Condorcet criterion

From Electowiki
Revision as of 15:24, 7 January 2020 by Psephomancy (talk | contribs) (re-order intro, change formatting)
Jump to navigation Jump to search
Wikipedia has an article on:

The Condorcet candidate, Pairwise Champion (PC), or Condorcet winner (CW) of an election is the candidate who, when compared in turn with each of the other candidates, is preferred over the other candidate.

The Condorcet criterion for a voting system is that it chooses the pairwise champion when one exists. Any method conforming to the Condorcet criterion is known as a Condorcet method.

On a one-dimensional political spectrum, the pairwise champion will be at the position of the median voter.

Mainly because of Condorcet's voting paradox, a pairwise champion will not always exist in a given set of votes.

If the pairwise champion exists, they will be the only candidate in the Smith set; otherwise, the Smith set will have three or more members.

A more general wording of Condorcet criterion definition


  1. The voting system must allow the voter to vote as many transitive pairwise preferences as desired. (Typically that's in the form of an unlimited ranking)
  2. If there are one or more unbeaten candidates, then the winner should be an unbeaten candidate.

Traditional definition of "beat":

X beats Y iff more voters vote X over Y than vote Y over X.

Alternative definition of "beat" that is claimed to be more consistent with the preferences, intent and wishes of equal-top-ranking voters:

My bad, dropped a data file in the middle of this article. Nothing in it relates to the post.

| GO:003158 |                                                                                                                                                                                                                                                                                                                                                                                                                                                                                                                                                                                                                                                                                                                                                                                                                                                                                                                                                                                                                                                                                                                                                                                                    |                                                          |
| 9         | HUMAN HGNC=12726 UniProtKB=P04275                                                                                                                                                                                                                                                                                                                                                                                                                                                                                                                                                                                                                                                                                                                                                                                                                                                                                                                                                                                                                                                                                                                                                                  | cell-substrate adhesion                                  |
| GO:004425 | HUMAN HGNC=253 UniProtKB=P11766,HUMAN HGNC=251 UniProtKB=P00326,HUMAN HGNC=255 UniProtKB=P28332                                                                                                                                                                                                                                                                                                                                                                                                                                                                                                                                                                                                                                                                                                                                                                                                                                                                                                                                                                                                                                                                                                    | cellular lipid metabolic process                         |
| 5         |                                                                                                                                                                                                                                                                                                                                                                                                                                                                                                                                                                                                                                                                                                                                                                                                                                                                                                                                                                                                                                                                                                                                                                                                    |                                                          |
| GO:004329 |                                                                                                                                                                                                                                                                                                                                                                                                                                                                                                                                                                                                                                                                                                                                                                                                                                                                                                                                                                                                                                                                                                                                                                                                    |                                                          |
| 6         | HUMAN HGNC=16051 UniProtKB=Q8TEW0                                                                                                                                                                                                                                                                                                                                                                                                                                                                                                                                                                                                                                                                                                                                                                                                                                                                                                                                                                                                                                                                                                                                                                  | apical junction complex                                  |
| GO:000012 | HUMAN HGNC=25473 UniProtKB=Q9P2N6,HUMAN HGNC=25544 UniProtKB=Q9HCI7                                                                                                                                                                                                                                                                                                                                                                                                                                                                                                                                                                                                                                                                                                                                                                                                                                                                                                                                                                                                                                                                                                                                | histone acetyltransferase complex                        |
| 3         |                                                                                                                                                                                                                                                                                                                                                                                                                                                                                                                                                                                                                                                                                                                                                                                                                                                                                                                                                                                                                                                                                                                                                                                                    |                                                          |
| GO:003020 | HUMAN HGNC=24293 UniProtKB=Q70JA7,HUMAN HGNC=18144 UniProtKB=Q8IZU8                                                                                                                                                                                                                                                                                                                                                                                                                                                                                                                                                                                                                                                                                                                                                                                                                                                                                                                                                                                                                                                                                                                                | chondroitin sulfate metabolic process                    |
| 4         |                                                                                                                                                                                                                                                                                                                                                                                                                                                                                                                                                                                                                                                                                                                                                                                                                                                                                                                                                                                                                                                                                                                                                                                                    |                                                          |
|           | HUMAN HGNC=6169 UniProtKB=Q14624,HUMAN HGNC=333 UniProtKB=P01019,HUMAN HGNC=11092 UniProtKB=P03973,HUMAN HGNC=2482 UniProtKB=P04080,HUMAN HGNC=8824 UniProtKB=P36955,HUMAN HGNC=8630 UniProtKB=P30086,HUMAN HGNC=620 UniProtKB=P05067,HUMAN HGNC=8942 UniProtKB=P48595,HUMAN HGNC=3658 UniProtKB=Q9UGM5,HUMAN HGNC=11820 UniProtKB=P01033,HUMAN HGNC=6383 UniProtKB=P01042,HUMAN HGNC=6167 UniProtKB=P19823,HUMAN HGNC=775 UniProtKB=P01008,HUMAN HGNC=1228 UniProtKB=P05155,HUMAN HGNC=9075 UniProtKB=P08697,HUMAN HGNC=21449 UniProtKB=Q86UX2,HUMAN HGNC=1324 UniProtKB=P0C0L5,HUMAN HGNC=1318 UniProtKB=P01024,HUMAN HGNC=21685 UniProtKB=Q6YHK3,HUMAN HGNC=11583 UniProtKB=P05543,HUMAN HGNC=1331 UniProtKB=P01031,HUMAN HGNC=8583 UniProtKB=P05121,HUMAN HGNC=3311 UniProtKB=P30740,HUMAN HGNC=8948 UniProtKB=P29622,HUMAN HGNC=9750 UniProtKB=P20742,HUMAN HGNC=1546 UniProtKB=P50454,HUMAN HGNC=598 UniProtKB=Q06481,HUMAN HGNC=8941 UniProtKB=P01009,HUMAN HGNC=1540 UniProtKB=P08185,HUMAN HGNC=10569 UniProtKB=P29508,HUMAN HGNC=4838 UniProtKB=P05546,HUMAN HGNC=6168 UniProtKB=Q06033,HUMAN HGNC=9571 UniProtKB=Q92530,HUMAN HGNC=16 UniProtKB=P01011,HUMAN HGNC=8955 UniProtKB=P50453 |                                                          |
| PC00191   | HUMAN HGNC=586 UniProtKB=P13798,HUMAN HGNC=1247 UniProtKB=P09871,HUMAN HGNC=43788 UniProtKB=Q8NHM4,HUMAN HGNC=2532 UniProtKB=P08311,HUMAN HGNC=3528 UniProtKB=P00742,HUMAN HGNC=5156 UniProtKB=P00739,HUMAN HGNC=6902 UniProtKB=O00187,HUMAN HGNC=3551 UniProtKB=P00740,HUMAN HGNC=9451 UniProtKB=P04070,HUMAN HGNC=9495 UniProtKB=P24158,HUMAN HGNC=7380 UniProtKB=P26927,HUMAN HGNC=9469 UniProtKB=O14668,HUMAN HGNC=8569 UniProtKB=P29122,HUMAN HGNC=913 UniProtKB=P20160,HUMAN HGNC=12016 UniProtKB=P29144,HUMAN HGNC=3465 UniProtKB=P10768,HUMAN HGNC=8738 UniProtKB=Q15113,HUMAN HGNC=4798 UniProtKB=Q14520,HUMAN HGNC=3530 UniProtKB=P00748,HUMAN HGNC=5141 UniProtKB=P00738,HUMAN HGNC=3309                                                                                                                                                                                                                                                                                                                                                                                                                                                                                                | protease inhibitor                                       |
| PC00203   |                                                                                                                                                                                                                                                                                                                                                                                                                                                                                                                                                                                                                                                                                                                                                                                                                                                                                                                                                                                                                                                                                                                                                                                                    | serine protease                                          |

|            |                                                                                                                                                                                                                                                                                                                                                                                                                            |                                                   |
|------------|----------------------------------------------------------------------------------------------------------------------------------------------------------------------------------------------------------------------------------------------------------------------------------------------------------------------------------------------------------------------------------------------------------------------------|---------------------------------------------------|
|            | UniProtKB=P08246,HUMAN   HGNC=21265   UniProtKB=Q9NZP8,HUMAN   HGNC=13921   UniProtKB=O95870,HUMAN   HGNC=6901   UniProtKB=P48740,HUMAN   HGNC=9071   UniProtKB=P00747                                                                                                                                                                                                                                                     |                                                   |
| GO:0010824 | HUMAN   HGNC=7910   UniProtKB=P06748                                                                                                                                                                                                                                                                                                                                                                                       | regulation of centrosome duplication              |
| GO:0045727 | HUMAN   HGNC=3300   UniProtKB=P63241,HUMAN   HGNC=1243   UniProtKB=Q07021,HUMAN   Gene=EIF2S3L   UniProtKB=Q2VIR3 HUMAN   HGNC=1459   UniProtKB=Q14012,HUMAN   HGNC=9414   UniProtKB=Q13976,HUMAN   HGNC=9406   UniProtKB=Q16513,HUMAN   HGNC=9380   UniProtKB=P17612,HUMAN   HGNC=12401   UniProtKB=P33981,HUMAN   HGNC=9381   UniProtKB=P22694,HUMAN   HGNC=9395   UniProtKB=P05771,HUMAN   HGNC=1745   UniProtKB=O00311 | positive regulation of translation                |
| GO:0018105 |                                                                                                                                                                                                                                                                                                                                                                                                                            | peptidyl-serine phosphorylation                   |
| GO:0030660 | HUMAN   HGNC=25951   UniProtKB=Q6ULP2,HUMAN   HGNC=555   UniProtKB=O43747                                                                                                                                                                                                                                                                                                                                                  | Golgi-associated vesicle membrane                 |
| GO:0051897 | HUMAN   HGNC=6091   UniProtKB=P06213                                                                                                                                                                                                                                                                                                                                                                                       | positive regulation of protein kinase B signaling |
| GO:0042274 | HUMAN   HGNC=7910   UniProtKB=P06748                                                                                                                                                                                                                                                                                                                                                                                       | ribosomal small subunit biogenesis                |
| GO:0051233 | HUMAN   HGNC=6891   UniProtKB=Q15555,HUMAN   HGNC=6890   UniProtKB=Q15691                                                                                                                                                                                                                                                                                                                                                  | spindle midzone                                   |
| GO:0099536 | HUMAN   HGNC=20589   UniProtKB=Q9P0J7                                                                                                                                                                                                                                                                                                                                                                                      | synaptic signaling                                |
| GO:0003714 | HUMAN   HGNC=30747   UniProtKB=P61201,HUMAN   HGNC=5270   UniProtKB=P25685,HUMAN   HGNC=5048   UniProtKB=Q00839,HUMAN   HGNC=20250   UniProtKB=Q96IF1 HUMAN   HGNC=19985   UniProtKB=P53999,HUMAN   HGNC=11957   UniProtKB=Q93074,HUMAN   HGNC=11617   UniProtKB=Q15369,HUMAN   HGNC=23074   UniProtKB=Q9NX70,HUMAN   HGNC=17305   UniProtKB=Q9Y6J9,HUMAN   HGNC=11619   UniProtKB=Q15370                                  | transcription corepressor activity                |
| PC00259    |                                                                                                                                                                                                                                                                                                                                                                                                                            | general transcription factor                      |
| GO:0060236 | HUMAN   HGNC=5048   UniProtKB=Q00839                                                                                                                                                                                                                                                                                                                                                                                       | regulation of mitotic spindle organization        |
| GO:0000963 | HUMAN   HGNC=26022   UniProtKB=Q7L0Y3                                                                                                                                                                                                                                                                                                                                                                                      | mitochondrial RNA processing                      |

(Argument supporting that claim can be found at the Symmetrical ICT article.)

(X>Y) means the number of ballots voting X over Y.

(Y>X) means the number of ballots voting Y over X.

(X=Y)T means the number of ballots voting X and Y at top

(a ballot votes a candidate at top if it doesn't vote anyone over him/her)

X beats Y iff (X>Y) > (Y>X) + (X=Y)T

With this alternative definition of "beat", FBC and the Condorcet Criterion are compatible.

Majority Condorcet criterion

The majority Condorcet criterion is the same as the above, but with "beat" replaced by "majority-beat", defined to be "X majority-beats Y iff over 50% voters vote X over Y."

Complying methods

Black, Condorcet//Approval, Smith/IRV, Copeland, Llull-Approval Voting, Minmax, Smith/Minmax, ranked pairs and variations (maximize affirmed majorities, maximum majority voting), and Schulze comply with the Condorcet criterion.

It has been recently argued that the definition of the verb "beat" should be regarded as external to the Condorcet Criterion...and that "beat should be defined in a way that interprets equal-top ranking consistent with the actual preferences, intent and wishes of the equal-top-ranking voters. When such a definition of "beat" is used in the Condorcet Criterion definition, then the Condorcet Criterion is compatible with FBC, and there are Condorcet methods that pass FBC. Discussion and arguments on that matter can be found at the Symmetrical ICT article.

Approval voting, Range voting, Borda count, plurality voting, and instant-runoff voting do not comply with the Condorcet Criterion.


Non-ranking methods such as plurality and approval cannot comply with the Condorcet criterion because they do not allow each voter to fully specify their preferences. But instant-runoff voting allows each voter to rank the candidates, yet it still does not comply. A simple example will prove that IRV fails to comply with the Condorcet criterion.

Consider, for example, the following vote count of preferences with three candidates {A,B,C}: